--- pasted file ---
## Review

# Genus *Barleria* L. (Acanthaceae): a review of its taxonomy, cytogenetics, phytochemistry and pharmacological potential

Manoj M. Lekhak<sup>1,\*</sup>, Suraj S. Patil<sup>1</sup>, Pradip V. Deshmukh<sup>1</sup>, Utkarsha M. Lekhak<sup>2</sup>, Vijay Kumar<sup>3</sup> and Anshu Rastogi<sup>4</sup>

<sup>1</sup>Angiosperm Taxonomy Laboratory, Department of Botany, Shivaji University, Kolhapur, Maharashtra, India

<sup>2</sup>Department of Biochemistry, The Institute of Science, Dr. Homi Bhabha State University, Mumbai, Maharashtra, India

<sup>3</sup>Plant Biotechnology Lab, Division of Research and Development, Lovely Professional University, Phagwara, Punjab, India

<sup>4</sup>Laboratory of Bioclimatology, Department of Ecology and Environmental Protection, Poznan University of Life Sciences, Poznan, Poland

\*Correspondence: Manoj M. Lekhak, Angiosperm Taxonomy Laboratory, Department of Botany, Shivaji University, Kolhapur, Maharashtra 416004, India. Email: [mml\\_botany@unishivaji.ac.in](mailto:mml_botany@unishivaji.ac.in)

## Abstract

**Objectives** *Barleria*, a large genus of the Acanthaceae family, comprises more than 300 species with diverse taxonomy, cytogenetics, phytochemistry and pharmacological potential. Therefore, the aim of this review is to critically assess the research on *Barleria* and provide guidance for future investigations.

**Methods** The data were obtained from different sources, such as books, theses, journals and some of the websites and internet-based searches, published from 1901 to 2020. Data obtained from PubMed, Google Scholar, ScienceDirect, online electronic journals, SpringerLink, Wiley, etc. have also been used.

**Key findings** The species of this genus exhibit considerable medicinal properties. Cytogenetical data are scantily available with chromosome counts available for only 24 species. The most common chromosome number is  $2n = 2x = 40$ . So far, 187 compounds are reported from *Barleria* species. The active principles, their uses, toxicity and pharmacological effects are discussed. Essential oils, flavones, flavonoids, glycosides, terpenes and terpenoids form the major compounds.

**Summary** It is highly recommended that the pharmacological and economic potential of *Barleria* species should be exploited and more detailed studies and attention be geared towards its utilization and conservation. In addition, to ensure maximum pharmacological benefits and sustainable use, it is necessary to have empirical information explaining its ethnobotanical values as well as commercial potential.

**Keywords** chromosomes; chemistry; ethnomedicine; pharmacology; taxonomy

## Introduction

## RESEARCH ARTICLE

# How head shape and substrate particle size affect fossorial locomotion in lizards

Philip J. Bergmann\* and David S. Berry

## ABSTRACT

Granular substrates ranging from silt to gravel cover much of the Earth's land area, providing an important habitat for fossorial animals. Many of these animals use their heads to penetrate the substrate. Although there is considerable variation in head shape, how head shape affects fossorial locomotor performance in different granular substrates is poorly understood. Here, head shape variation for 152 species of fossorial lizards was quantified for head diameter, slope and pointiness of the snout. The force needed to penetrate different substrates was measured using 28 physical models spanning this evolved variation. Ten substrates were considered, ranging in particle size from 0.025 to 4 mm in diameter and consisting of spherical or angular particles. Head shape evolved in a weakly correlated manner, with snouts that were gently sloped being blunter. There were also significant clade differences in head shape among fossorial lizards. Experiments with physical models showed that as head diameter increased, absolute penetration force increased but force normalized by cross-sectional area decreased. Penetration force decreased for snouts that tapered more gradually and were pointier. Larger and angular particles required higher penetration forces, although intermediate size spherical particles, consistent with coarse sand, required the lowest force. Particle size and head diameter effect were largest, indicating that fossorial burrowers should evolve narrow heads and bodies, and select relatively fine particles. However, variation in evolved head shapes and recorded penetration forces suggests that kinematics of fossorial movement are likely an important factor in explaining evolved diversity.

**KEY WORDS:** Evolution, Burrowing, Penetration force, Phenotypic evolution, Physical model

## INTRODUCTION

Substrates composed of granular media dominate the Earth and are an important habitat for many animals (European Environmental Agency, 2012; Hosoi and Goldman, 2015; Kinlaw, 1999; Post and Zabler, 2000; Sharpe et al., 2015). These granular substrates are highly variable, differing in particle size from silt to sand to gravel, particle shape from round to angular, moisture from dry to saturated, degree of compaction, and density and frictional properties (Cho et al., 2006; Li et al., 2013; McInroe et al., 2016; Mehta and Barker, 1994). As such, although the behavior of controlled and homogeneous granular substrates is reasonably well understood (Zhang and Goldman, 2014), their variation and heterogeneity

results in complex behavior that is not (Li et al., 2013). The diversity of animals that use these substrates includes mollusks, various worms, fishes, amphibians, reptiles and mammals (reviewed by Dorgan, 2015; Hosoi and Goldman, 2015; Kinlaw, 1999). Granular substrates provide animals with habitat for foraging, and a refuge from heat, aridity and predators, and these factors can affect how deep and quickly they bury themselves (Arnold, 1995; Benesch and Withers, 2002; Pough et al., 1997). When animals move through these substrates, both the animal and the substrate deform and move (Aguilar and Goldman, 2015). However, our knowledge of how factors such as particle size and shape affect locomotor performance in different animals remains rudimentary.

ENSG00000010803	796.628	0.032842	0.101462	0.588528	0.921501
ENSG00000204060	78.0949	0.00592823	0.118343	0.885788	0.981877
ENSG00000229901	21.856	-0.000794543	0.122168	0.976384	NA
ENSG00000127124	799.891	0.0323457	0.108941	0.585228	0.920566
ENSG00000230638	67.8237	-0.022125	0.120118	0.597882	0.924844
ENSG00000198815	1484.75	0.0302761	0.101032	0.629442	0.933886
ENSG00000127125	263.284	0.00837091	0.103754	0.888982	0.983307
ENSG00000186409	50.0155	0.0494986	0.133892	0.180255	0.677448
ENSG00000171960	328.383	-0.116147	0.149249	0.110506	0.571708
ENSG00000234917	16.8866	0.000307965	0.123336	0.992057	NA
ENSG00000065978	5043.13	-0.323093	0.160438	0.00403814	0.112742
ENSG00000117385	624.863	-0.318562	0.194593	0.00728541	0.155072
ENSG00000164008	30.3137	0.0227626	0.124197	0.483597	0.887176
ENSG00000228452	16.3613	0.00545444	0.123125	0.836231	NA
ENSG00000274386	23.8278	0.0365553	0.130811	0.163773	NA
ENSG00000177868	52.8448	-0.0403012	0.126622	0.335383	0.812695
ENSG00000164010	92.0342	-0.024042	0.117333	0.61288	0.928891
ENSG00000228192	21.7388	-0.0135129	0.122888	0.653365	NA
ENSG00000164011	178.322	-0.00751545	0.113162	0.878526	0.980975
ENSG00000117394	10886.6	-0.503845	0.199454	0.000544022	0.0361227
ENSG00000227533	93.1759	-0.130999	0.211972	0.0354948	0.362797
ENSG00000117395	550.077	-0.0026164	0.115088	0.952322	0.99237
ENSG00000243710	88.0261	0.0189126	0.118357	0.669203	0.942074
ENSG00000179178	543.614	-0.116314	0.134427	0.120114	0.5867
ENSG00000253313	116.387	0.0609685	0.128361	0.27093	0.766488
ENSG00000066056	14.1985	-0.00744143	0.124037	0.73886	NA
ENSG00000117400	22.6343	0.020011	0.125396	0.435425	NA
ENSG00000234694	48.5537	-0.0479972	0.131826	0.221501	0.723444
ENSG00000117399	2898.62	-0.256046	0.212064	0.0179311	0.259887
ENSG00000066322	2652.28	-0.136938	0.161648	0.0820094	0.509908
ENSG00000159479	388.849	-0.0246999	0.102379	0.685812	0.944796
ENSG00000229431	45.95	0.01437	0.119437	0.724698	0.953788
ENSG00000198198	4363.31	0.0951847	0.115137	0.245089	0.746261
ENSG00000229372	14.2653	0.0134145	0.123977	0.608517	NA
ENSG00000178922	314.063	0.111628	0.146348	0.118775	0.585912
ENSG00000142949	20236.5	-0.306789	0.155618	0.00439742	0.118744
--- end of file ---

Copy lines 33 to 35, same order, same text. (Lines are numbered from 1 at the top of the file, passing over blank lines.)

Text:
ENSG00000171960	328.383	-0.116147	0.149249	0.110506	0.571708
ENSG00000234917	16.8866	0.000307965	0.123336	0.992057	NA
ENSG00000065978	5043.13	-0.323093	0.160438	0.00403814	0.112742